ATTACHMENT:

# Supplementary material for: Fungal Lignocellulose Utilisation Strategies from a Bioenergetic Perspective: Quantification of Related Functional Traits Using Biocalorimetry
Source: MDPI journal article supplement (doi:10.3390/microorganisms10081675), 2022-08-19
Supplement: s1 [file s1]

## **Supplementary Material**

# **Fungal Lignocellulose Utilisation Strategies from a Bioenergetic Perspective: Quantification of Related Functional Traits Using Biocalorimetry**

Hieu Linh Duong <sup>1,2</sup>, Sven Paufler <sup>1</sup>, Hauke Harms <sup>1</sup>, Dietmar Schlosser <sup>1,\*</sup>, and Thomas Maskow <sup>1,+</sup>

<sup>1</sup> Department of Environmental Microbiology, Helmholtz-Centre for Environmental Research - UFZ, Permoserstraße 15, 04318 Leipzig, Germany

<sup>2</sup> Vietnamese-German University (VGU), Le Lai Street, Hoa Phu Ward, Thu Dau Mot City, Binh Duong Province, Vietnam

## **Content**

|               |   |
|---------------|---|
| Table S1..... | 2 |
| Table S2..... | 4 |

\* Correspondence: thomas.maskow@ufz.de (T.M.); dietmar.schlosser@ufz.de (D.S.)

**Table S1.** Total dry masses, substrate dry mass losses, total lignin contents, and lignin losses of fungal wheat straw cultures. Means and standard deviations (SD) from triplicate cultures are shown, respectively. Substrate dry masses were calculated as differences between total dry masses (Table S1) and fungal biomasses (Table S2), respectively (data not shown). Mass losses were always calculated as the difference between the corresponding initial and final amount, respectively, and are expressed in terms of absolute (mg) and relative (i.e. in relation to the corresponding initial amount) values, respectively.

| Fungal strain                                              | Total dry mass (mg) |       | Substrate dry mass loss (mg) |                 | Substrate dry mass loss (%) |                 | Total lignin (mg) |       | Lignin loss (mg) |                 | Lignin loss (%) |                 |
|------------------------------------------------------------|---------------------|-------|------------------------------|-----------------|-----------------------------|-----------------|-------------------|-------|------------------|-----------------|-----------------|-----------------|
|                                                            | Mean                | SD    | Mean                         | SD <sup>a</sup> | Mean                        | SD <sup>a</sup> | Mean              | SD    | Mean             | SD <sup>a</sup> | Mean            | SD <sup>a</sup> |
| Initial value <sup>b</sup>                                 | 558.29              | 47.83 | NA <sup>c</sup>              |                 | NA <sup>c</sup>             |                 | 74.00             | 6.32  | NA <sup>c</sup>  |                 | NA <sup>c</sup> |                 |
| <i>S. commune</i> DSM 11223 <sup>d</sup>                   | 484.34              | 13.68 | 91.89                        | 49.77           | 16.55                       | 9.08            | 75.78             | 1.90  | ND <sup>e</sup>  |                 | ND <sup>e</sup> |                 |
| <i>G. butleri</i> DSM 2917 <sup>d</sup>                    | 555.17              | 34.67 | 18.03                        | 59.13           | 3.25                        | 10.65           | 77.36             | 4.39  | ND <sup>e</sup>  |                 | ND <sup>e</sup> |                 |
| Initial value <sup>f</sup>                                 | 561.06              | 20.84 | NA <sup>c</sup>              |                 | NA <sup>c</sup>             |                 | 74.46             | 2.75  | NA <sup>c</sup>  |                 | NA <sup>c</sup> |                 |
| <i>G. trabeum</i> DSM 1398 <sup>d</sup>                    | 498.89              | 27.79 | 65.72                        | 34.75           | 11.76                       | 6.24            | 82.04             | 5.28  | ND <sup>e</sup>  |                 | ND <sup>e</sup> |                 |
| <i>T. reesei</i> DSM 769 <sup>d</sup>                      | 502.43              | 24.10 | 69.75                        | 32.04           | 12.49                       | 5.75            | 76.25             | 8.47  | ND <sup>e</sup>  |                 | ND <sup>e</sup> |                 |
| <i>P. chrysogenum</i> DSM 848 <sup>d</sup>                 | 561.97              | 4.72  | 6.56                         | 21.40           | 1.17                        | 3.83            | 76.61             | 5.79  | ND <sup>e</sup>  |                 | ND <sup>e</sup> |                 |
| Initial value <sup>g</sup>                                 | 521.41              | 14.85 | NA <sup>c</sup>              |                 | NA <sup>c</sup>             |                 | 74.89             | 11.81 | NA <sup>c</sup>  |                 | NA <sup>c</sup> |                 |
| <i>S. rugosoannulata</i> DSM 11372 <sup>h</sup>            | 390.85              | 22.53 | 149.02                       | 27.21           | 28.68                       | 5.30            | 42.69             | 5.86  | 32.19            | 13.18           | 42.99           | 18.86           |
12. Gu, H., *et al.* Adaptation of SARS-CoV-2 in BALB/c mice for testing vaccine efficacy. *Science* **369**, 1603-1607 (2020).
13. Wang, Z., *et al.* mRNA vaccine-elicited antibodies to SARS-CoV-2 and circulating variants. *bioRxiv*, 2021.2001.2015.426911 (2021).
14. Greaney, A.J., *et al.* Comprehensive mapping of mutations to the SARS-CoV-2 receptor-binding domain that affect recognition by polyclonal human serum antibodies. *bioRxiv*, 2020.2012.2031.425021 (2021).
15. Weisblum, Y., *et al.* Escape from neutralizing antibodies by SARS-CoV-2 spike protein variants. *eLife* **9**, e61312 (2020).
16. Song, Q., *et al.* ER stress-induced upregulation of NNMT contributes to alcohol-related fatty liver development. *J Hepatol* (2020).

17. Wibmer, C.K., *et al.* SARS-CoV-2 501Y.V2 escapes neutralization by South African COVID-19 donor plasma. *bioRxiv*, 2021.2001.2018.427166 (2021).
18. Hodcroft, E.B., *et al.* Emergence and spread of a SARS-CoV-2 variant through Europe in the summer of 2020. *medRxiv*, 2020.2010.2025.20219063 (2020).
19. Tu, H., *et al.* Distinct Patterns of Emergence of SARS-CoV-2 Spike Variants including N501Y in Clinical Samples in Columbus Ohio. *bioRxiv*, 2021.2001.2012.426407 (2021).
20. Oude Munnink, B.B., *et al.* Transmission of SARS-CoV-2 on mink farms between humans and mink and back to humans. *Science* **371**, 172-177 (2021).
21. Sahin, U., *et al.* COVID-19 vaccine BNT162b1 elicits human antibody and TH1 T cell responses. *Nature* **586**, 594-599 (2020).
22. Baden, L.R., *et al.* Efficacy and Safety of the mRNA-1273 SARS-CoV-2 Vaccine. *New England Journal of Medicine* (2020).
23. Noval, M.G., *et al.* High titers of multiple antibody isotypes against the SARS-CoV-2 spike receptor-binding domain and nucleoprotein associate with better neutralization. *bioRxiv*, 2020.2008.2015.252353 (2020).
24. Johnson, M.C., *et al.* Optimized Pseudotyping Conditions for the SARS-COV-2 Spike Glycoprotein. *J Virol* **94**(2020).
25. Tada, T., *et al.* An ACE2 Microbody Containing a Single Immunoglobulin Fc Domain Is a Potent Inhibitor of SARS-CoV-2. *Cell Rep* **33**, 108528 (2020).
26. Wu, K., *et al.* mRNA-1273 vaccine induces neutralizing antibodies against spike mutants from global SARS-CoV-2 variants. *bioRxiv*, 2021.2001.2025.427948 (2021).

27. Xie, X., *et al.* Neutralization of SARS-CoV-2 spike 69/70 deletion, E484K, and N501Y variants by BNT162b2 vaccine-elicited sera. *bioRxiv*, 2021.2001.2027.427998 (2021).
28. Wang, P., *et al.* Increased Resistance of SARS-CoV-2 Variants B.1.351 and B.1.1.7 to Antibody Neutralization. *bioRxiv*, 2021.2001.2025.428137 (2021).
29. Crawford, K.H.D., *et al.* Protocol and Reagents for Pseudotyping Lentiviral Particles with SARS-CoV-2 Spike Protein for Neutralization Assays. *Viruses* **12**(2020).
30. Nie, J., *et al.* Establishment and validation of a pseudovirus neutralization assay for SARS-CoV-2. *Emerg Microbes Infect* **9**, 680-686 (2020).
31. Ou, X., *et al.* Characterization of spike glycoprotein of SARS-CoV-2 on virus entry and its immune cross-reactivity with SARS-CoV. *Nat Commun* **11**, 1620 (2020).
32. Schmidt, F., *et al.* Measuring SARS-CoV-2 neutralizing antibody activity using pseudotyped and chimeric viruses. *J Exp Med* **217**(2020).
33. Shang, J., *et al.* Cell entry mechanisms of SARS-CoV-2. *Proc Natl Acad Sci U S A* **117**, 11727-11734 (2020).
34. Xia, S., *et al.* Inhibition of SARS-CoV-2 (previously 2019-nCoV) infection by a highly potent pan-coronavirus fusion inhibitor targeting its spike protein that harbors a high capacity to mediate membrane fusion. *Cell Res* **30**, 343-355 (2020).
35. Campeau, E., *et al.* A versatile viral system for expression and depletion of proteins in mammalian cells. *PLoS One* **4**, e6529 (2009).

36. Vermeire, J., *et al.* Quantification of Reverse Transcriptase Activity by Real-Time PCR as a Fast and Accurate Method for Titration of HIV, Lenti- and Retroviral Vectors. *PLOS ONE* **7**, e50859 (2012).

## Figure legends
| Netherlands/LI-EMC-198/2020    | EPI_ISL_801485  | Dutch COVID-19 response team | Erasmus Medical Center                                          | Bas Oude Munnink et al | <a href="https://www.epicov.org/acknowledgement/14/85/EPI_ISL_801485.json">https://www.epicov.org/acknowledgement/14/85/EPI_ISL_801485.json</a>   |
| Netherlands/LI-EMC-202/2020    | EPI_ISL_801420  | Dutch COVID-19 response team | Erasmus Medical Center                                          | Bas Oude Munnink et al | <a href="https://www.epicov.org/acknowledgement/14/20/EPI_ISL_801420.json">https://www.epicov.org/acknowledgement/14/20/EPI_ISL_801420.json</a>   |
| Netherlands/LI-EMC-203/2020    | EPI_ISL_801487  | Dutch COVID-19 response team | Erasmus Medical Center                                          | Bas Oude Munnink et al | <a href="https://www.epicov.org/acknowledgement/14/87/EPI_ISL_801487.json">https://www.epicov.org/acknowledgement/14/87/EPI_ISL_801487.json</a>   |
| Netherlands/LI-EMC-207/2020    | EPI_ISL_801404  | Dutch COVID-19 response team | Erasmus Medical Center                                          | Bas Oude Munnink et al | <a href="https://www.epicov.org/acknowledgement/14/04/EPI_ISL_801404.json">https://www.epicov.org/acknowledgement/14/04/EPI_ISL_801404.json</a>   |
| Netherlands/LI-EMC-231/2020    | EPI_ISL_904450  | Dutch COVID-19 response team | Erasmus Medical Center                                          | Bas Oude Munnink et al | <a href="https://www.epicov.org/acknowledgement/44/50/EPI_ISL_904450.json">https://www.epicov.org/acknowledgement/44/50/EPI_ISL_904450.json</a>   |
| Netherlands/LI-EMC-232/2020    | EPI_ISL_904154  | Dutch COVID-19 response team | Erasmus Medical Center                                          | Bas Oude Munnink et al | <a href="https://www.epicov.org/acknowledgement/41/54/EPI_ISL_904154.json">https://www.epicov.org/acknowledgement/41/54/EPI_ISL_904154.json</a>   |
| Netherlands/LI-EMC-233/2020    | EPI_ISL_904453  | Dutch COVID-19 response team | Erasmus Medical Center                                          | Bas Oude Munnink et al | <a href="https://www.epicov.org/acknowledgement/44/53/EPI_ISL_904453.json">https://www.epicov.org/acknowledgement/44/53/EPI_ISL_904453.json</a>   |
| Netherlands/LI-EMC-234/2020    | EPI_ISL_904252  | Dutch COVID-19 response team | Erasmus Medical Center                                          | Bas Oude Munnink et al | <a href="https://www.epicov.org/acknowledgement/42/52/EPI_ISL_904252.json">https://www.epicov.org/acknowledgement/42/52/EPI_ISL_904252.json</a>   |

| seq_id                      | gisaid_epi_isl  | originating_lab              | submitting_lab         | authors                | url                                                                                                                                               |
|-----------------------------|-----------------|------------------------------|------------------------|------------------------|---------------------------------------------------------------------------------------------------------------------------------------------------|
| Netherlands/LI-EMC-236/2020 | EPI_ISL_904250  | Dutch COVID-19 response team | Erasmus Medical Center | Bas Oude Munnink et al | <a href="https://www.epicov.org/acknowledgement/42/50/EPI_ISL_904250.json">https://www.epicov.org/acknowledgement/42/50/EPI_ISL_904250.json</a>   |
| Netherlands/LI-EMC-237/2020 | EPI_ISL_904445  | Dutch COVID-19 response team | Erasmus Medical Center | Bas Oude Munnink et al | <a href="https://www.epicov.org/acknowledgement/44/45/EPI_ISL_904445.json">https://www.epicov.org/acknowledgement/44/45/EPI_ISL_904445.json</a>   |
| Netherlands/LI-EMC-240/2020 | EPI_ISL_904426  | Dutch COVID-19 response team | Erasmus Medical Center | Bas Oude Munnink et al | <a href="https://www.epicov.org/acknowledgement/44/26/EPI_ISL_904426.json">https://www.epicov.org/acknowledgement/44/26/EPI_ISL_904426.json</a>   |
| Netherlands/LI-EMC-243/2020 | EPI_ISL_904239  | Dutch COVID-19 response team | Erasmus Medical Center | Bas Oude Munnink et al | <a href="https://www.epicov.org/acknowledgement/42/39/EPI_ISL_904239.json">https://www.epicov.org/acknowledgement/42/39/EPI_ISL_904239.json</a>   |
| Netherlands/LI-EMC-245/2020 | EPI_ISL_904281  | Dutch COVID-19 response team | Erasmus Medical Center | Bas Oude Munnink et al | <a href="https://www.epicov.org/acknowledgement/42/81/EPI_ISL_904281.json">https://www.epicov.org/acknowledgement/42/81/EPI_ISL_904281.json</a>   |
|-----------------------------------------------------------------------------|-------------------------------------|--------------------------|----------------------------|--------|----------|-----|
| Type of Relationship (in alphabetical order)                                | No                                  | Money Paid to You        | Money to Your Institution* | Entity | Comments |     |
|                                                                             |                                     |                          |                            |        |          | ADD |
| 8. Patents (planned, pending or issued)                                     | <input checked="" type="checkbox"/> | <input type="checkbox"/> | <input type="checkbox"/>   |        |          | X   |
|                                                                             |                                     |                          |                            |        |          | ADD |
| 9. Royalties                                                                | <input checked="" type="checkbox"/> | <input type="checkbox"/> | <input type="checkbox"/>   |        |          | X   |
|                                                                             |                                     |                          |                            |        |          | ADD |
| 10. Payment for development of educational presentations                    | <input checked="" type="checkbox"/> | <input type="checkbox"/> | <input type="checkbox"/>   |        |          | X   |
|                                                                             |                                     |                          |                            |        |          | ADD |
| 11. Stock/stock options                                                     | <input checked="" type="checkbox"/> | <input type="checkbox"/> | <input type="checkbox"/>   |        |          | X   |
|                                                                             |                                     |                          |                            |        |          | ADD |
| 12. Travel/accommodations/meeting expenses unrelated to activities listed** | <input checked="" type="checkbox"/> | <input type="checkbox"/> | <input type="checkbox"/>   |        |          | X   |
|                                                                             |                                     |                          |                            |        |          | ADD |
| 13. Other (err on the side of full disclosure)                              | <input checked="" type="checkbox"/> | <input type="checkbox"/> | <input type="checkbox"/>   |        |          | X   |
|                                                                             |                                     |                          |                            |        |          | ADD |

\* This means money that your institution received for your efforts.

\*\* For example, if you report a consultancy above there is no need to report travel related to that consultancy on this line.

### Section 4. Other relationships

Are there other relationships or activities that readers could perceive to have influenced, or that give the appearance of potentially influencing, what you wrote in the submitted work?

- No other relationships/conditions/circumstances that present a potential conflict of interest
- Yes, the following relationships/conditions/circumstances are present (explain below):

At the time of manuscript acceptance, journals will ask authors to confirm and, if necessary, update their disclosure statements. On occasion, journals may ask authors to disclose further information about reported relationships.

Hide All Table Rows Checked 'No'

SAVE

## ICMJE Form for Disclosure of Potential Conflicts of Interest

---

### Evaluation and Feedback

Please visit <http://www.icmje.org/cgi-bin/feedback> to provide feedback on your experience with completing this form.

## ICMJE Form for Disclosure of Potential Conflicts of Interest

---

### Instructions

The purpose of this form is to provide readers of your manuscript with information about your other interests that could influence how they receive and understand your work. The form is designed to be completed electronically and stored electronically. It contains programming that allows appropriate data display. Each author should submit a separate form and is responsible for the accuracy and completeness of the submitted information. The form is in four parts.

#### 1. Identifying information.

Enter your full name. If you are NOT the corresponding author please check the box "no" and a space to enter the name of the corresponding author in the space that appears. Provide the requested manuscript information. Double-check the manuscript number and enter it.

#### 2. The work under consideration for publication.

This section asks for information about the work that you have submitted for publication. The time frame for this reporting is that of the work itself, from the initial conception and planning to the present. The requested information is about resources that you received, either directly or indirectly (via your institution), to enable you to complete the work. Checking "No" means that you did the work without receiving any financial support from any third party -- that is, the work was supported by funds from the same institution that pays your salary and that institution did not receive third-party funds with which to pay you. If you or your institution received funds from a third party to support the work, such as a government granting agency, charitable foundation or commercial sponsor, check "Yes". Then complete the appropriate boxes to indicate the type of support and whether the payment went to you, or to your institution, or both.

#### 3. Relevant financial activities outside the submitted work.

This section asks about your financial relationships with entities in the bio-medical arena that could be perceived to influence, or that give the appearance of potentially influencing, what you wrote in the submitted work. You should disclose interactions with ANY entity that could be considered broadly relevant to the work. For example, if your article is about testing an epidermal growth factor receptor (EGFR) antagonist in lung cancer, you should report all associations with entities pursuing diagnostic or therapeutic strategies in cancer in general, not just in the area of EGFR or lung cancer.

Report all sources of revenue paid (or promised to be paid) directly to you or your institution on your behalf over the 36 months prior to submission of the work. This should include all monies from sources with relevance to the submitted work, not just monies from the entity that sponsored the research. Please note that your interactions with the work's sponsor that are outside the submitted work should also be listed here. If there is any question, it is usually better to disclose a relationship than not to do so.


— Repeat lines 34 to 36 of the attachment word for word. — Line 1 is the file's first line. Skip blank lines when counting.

18. Hodcroft, E.B., *et al.* Emergence and spread of a SARS-CoV-2 variant through Europe in the summer of 2020. *medRxiv*, 2020.2010.2025.20219063 (2020).
19. Tu, H., *et al.* Distinct Patterns of Emergence of SARS-CoV-2 Spike Variants including N501Y in Clinical Samples in Columbus Ohio. *bioRxiv*, 2021.2001.2012.426407 (2021).
20. Oude Munnink, B.B., *et al.* Transmission of SARS-CoV-2 on mink farms between humans and mink and back to humans. *Science* **371**, 172-177 (2021).